If you’re not familiar with the term “digital nomad,” it’s a catch-all phrase for people who have made the leap from their full-time corporate careers to remote working around the world.  (They’re the ones mostly responsible for all those drool-worthy photos of young people working on a laptop on the beach or a remote mountaintop that you’ve likely seen all over the internet.)

I like to fancy myself a digital nomad (even if it is a bit overused nowadays) given my location independence and business I’ve created for myself. And that’s why I’m a fairly religious follower of the subreddit for digital nomads over on A quick search for “remote job” came up with a few great posts to help get your wheels turning about ways to potentially get your foot in the door with remote working opportunities.

3. contact a recruiter

Shameless plug here: I used to be a recruiter. And I love recruiters. I believe building a relationship with a recruiter is one of the best things you can do for your career. (But more on that another time.)

When kicking off your remote working career, it’s smart to reach out to a recruiter that specializes in helping place contingent workers. They can easily help guide you through the process of not only uncovering the right career path for you but also actually finding a viable opportunity that allows you the freedom and flexibility to break away from the corporate life.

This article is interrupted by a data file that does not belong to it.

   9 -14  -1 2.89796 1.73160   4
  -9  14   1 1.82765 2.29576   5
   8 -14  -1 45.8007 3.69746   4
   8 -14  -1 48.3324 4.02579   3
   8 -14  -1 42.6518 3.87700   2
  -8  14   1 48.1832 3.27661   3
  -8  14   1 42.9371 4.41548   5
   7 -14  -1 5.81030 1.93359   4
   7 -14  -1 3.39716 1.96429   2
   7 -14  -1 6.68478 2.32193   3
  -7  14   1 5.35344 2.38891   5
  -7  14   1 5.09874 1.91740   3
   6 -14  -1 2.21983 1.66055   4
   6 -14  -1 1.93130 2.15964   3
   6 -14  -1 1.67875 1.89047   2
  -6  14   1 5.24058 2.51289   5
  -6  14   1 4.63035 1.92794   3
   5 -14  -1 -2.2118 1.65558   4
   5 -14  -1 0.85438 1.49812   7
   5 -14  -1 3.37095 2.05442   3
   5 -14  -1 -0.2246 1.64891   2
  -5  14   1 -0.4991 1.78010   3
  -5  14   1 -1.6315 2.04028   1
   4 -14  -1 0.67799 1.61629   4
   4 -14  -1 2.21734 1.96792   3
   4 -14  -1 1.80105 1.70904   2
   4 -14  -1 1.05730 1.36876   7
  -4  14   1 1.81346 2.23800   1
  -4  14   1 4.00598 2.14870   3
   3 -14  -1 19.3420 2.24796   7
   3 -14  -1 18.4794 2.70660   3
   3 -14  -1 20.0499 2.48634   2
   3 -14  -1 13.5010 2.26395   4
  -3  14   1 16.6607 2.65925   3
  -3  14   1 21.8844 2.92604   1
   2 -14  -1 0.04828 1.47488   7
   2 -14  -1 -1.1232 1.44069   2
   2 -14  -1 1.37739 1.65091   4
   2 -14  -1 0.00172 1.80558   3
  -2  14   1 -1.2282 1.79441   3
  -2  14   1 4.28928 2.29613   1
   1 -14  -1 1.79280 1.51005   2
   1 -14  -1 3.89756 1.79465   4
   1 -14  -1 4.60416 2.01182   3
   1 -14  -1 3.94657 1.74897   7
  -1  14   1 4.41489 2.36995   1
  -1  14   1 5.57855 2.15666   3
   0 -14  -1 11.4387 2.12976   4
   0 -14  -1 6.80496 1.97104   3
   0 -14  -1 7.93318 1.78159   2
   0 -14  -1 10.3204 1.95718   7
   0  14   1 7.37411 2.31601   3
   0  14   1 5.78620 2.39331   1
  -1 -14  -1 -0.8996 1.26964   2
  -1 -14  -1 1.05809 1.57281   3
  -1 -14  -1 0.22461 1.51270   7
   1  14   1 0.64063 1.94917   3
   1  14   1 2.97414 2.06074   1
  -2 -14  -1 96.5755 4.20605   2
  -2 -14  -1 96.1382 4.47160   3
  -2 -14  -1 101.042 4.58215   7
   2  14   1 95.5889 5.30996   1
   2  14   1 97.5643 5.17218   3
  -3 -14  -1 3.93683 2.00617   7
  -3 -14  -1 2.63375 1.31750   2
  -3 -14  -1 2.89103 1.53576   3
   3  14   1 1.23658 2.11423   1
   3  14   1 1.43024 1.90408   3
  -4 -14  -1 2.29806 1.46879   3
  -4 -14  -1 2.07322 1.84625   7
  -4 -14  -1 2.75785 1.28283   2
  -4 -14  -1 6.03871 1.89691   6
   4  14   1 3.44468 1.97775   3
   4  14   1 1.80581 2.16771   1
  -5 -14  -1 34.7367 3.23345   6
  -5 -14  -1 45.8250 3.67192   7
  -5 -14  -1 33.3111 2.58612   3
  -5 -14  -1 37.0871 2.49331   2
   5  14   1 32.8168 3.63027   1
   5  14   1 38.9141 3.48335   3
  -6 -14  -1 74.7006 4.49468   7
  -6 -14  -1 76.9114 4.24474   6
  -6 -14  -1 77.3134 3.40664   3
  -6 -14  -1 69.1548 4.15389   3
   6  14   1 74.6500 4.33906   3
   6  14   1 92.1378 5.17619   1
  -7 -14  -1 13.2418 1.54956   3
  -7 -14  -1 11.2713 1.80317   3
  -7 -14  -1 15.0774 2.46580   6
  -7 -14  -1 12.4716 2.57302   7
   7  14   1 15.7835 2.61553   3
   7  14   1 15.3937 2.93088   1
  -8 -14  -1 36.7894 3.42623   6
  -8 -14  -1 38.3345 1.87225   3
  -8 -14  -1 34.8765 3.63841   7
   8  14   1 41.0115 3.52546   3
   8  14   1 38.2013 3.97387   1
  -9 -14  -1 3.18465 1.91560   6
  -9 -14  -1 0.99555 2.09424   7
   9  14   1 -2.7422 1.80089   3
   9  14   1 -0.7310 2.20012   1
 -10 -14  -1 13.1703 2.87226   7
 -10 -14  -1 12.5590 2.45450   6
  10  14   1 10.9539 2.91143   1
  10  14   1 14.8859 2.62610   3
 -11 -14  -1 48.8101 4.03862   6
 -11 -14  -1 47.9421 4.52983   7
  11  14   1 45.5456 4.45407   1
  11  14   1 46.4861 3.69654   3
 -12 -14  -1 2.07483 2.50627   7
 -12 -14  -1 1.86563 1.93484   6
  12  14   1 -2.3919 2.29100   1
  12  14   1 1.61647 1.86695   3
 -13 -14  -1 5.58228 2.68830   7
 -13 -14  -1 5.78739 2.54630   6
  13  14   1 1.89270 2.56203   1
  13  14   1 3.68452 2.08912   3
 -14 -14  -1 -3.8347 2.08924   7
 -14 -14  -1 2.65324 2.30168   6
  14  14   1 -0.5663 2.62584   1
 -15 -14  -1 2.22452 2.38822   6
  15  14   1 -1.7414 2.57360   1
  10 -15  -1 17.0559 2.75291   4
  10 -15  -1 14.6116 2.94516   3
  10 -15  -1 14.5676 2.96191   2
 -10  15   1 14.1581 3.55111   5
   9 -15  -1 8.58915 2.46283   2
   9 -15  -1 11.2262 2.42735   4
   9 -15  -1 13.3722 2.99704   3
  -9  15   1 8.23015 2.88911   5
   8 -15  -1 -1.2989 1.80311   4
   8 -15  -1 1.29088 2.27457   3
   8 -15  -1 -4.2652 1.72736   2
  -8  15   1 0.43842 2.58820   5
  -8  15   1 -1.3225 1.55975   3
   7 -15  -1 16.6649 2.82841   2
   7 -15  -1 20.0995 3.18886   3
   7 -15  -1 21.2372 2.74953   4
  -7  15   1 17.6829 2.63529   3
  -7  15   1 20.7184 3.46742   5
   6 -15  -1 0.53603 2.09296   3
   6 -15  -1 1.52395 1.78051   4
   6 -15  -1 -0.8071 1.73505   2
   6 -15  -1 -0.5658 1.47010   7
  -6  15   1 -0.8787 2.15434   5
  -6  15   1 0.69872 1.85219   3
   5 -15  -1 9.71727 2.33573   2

Once you have an idea of what it is you want to do, the next step is to actually find the work. 

how to find your first side job (while still keeping your full-time gig)

Here’s the truth about contingent work: unless you partner with a recruiter and find an opportunity in a field you’re already working in, it’s not likely you’re going to transition overnight. It took me five months, and from what I can tell, that’s fairly fast to go from no experience to full-time self-employment. But there are a few reasons it didn’t take me as long as some to build my side business into a full-time gig.

First, I was organized. I spent a lot of time in the early stages researching the best channels for finding freelance copywriting work and then built an RSS feed through Feedly (for free) that updated me daily with the newest opportunities. Then, every night after my son went to bed, I spent time responding to 2 or 3 opportunities only. In retrospect, this part was critical. Plenty of people think playing the volume game makes the most sense and that you should just apply to as many jobs as possible. 

But I am a former recruiter and I am a big believer in quality over quantity. 

So instead of blasting out resumes and cover letters to 50+ opportunities, I found 2 or 3 where I really believed I could add value and spent 20-30 minutes crafting highly personalized emails to each. The result? With absolutely no writing experience other than blogging on LinkedIn, I received offers from 5 of the first 6 brands I contacted. It just goes to show that a personal touch makes a world of difference.

and that’s it…

The rest was just slowly taking on more work until I felt I had enough of a baseline to cover my family for a couple months while I transitioned into writing full-time.  And while I am only two months into doing this as my day job, I can tell you things are going great and I couldn’t be happier. I truly believe just about anyone can make the same transition I did. Hope this post helped you realize exactly how to make it happen.

want more career tips and resources like these? sign up for our newsletter.